That is fair enough. But it is interesting to note what was said by the Standing Committee of Attorneys-General, the Model Criminal Code Officers Committee in relation to consideration of the psychological harm back in September 1998. They received a number of submissions. I think this extract is quite revealing in terms of the way this organisation operates to stifle debate, to stifle people having their human rights being respected. The committee report said, in relation to submissions made about psychological harm:

...the Church of Scientology produced a very lengthy submission which argued that the activities of religious groups should not be included but rather that the activities of “de-programmers” should be included. The manifesting inconsistency in such an approach did not appear to occur to them. There was also apparent a letter writing campaign to similar effect. Neither the Church of Scientology nor the letter writers addressed the undoubted fact that some groups employee such harmful and extreme techniques, whether or not a particular group does in fact do so. It is likely that some groups from both sides of the contest between religious groups and ‘deprogrammers’, employ harmful and extreme techniques.

I think that ‘manifest inconsistency’ of this organisation ought to be noted. It was noted by the Standing Committee of Attorneys-General and it indicates, I think, a need for law reform in terms of harassment laws and the issue of psychological harm.

There are also, broadly, the issues of protecting consumers in this country. Liz and James Anderson, for instance, spent something like $450,000 on courses for this church. It is the very different from other religions. But this is not about a person’s religious beliefs; it is about the high-pressure tactics that are employed for people to part with their money, to sign over their houses, to work for years and years and years for a pittance. At the end of that they have nothing. They have to restart their lives again in order to provide for their families, in order to get on with their lives to be able to even afford a down payment on a home. They are left with nothing. I spoke to people outside the front of Parliament House this morning and a number of our colleagues visited them. I was very grateful that Senator Christine Milne and Senator Ludlam from the Australian Greens spoke to them and very grateful for the support that Senator Milne gave to Janette yesterday at a media conference in relation to this. I am grateful that the member for Bass, Jodie Campbell, came out and spoke to these people. I am very grateful for Jodie Campbell’s support in terms of speaking to them and hearing their stories. I am also grateful for Senators Joyce and Scullion coming out and speaking to them.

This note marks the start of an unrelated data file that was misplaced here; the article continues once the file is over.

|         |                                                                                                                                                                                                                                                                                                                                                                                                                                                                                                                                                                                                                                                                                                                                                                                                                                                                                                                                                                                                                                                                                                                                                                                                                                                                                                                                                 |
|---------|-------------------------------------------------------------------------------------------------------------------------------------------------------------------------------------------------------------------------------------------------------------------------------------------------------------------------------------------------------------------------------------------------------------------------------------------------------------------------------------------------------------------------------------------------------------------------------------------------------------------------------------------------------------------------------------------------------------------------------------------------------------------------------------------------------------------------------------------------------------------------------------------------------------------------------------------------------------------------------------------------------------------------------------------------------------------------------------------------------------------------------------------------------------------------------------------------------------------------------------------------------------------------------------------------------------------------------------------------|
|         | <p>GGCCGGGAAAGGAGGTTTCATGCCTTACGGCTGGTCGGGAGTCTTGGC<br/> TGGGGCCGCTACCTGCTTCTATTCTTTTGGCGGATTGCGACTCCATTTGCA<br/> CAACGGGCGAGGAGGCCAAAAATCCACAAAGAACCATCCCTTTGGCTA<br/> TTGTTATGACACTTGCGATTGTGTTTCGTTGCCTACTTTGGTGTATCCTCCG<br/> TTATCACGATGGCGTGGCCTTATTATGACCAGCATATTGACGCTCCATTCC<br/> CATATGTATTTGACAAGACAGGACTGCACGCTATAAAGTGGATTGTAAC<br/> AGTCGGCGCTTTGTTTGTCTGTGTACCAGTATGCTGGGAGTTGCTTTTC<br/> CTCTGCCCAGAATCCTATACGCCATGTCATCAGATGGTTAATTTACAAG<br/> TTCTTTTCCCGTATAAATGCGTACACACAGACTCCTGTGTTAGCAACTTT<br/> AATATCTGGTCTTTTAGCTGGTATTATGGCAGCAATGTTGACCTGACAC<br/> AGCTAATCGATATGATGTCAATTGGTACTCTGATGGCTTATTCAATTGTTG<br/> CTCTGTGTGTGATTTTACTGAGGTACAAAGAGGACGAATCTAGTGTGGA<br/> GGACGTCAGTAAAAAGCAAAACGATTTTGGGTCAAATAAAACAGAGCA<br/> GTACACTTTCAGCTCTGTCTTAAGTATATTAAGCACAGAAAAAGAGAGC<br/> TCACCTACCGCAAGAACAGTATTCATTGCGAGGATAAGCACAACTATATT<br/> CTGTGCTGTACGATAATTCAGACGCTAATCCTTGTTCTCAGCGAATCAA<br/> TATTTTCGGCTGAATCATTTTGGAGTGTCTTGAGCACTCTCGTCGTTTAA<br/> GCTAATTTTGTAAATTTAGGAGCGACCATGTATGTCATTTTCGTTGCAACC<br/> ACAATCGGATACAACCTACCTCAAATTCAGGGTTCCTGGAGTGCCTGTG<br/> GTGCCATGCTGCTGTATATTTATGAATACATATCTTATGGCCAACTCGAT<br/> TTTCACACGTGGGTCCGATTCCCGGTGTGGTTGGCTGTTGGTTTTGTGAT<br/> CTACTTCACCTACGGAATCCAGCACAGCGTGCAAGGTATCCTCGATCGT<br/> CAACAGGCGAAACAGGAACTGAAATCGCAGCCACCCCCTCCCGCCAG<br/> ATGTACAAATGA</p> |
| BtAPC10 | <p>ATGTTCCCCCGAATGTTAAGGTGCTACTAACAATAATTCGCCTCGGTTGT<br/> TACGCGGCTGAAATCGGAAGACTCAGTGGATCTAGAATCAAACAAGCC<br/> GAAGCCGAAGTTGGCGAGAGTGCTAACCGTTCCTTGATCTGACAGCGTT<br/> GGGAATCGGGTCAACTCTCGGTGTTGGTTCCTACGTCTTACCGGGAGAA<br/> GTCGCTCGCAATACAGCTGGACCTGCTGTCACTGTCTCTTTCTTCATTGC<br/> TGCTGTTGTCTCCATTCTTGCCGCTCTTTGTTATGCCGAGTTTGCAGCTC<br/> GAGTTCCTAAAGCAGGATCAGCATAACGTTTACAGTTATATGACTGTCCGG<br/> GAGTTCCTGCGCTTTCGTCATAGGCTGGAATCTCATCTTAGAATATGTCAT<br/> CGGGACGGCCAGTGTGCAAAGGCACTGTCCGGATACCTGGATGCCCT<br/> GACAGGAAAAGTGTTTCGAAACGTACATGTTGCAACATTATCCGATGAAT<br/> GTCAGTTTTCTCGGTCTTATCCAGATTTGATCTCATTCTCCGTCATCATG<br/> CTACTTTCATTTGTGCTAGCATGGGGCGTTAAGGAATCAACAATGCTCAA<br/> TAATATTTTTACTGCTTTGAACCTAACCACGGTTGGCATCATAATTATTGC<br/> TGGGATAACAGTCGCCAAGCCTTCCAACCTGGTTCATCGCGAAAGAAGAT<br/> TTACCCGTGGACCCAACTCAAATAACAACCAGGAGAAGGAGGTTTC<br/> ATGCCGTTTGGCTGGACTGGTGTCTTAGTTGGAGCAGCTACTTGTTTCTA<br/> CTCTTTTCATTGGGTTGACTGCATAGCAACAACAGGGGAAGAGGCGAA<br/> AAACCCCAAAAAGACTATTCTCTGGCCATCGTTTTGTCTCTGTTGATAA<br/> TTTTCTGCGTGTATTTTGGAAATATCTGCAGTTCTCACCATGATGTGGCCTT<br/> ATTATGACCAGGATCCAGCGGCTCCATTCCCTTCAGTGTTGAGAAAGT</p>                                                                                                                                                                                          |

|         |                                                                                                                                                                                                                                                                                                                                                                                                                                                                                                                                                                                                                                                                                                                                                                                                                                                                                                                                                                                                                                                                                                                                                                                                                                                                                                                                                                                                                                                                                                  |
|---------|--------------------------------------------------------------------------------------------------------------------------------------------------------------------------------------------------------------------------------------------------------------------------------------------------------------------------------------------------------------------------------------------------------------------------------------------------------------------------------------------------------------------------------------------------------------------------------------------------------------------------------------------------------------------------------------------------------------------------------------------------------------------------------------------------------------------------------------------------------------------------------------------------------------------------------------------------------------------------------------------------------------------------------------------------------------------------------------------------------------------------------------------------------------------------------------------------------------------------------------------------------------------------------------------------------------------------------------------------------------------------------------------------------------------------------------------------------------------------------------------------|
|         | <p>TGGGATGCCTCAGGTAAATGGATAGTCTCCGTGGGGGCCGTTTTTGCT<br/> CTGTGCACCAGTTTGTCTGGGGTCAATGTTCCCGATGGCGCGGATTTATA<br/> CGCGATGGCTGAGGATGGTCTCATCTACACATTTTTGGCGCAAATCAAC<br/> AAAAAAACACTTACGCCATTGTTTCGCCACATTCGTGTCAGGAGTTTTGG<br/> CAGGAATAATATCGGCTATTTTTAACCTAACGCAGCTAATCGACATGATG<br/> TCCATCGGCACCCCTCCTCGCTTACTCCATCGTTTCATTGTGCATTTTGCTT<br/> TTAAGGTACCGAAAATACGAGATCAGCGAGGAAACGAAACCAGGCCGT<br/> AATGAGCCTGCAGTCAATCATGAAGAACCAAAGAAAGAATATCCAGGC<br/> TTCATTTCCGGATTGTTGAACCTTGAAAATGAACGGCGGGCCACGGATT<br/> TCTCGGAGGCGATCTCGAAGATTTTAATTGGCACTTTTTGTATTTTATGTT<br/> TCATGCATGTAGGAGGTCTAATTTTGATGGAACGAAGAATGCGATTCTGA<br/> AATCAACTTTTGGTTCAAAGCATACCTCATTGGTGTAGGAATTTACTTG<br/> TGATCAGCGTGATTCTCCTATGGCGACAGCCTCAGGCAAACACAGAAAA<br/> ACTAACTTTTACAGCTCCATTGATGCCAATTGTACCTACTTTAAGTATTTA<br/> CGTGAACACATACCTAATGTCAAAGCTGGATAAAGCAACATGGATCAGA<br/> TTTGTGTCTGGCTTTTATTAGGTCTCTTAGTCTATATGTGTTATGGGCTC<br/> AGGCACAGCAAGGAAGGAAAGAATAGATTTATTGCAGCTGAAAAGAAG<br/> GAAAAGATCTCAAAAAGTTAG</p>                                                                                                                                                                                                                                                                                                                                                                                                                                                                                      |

I urge my colleagues to reconsider their position. If you say that this is not the way forward, then tell me what is the way forward. These are Australians who have been treated horrendously, without recourse to justice and without recourse even to telling their stories. The time has come for them to tell their stories safely and for us as legislators to look at some fundamental reforms so that people can be treated decently.